How Wildlife Vaccines Will Prevent The Next Human Pandemic
BBC Focus - Science & Technology|May 2021
The coronavirus vaccines currently being injected into arms across the world are our escape route to normality. But keeping deadly viruses at bay and maintaining our freedoms in the future may require brand-new mass vaccination programmes that look very different to the ones currently taking place
Andy Ridgway

The coronavirus SARS-CoV-2 that has dominated the news since early 2020 has something in common with other diseases that have hit the headlines in recent years. SARS-CoV-2, just like Ebola, HIV and MERS before it, originated in wildlife before ‘spilling over’ into humans. SARSCoV-2 currently appears to have originated in horseshoe bats and was potentially transferred to humans via an unknown species, possibly pangolins. But other so-called zoonotic diseases (illnesses that spread from animals to humans, and vice versa) originated in the likes of chimps, camels and mice.

While the existence of zoonotic diseases has been known for decades, the coronavirus pandemic has brought into sharp focus how closely our health is connected to the health of the animal species with which we come into contact. “This pandemic is just a tragic wake-up call,” says epidemiologist Dr Jonna Mazet at the University of California, Davis.

Mazet was principal investigator on the PREDICT project, a $207m (£150m approx) global effort run from the US to build a clearer picture of the viruses lurking in wild animals that could spill over into humans and wreak havoc. From 2009 to 2019, the project’s scientists collected samples of animal blood, saliva and dung from fields and forests in 30 countries. They found 940 virus species that hadn’t been previously identified, including 160 coronaviruses and one new Ebola virus that were previously unknown. But this may just be the tip of the iceberg. “We estimate there are probably about 500,000 viruses that could infect people that have not been characterised or detected by science,” says Mazet. Not all of these would cause disease, but it shows the scale of the problem.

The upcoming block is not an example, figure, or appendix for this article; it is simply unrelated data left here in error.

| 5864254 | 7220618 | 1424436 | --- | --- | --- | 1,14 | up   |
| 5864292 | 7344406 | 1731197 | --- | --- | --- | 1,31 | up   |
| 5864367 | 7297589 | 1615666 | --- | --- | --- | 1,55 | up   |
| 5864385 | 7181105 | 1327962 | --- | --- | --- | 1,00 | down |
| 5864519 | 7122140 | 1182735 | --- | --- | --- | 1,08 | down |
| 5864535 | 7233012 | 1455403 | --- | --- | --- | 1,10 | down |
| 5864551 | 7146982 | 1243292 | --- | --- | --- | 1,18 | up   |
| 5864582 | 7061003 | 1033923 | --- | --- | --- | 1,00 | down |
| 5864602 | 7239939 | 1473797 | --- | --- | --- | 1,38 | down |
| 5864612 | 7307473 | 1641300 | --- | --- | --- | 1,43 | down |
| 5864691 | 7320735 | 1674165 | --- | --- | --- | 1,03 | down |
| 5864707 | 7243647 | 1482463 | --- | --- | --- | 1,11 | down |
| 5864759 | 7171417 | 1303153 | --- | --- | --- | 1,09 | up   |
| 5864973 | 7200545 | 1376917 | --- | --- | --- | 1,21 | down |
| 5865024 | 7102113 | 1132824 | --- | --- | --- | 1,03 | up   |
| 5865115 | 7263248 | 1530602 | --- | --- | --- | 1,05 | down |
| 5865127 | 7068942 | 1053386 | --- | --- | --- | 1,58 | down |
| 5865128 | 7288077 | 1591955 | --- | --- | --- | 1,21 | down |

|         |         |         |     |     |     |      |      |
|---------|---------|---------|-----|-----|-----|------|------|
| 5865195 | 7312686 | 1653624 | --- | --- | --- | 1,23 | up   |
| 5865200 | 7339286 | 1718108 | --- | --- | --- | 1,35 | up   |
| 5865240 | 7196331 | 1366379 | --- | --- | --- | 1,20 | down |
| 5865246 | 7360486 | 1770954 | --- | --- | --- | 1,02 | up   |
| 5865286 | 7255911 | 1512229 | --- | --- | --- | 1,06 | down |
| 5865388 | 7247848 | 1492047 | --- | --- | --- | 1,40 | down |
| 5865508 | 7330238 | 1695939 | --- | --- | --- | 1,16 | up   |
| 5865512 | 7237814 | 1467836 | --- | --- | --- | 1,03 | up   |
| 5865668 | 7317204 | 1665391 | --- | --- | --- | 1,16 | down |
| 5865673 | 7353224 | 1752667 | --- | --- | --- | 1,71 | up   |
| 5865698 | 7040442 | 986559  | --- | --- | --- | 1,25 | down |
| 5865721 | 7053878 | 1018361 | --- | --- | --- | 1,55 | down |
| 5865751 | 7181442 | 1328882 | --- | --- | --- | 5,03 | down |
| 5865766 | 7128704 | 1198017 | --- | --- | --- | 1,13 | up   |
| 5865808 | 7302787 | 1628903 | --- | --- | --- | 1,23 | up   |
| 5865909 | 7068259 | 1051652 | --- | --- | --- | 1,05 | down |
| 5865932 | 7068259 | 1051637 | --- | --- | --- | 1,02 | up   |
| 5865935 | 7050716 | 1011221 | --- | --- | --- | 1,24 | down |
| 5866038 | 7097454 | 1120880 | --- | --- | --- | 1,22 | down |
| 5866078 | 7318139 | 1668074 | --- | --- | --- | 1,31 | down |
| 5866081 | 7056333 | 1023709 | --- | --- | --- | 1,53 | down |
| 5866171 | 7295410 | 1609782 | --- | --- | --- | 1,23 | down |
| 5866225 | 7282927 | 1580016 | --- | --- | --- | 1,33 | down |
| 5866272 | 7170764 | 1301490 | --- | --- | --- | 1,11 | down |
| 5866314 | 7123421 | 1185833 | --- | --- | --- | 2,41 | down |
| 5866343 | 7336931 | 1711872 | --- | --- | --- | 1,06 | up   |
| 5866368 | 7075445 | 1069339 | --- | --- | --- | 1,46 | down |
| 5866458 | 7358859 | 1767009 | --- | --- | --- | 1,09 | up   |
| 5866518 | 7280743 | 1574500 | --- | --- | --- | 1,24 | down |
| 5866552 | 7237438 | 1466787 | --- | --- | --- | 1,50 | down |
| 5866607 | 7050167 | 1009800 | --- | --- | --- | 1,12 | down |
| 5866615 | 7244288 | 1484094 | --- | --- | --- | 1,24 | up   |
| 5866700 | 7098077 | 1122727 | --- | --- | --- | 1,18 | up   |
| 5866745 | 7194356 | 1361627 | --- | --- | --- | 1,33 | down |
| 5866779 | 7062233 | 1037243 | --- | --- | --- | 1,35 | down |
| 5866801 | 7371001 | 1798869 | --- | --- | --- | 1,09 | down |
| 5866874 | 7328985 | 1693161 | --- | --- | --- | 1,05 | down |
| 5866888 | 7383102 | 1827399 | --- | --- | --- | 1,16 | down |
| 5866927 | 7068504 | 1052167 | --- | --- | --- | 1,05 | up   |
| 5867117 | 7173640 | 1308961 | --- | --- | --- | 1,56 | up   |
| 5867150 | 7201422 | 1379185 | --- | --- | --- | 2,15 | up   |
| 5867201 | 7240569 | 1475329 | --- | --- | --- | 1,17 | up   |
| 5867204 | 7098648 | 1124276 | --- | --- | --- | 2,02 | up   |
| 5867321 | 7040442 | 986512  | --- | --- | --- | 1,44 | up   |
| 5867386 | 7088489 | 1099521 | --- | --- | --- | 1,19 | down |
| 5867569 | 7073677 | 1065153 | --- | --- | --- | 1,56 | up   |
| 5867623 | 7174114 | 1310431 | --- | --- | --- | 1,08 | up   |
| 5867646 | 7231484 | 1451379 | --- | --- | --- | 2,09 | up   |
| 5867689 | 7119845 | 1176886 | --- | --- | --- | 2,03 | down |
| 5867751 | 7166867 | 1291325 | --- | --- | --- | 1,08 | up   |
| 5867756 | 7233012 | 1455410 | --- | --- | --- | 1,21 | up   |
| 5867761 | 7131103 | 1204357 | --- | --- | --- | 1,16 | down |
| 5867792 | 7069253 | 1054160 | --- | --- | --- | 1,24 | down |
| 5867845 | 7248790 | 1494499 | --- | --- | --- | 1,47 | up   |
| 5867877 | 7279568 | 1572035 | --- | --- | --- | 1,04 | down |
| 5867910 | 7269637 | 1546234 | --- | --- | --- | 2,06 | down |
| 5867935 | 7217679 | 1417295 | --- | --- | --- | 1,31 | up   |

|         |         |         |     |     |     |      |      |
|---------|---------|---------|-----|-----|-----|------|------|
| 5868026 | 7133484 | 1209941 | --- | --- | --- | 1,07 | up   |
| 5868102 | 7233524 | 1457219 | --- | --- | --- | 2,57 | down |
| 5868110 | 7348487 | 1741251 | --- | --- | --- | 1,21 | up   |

Combine the number of viruses capable of spilling over into humans with deforestation, bushmeat hunting, and farming activities encroaching into wildlife-rich areas, and it’s a dangerous cocktail. It’s no wonder then that the US Centers for Disease Control and Prevention (CDC) estimates that 75 per cent of the new or emerging infectious diseases we are contending with originated in animals.

TOO CLOSE FOR COMFORT

A clear demonstration of the close connection between human and animal health came in June 2020, during the first months of the pandemic. Danish authorities reported that SARS-CoV-2 had leapt from humans to mink and spread extensively on mink farms. Not only that, but the virus also jumped back to humans, causing a spike in the country’s coronavirus cases. What was particularly worrying was that some of those who caught coronavirus from mink had a new virus variant. Thankfully, tests showed that the variant’s mutations did not make it more contagious or deadly. SARS-CoV-2 has also been detected in a raft of other species that humans come into contact with, including gorillas at San Diego Zoo Safari Park and a snow leopard at Louisville Zoo.

Dr Kaitlin Sawatzki, a postdoctoral researcher at Tufts University in Massachusetts, has been testing pets brought into a veterinary clinic to see whether any of them picked up SARS-CoV-2 from their owners. While Sawatzki is reticent to say how many of the dogs and cats tested positive for coronavirus antibodies before the research is published, she says that what she found was “comparable” with an Italian study of pets from 2020 in which 3 per cent of dogs and nearly 6 per cent of cats tested positive. The good news is that dogs don’t appear to get ill with SARS-CoV-2, and for cats it may only cause a mild illness.

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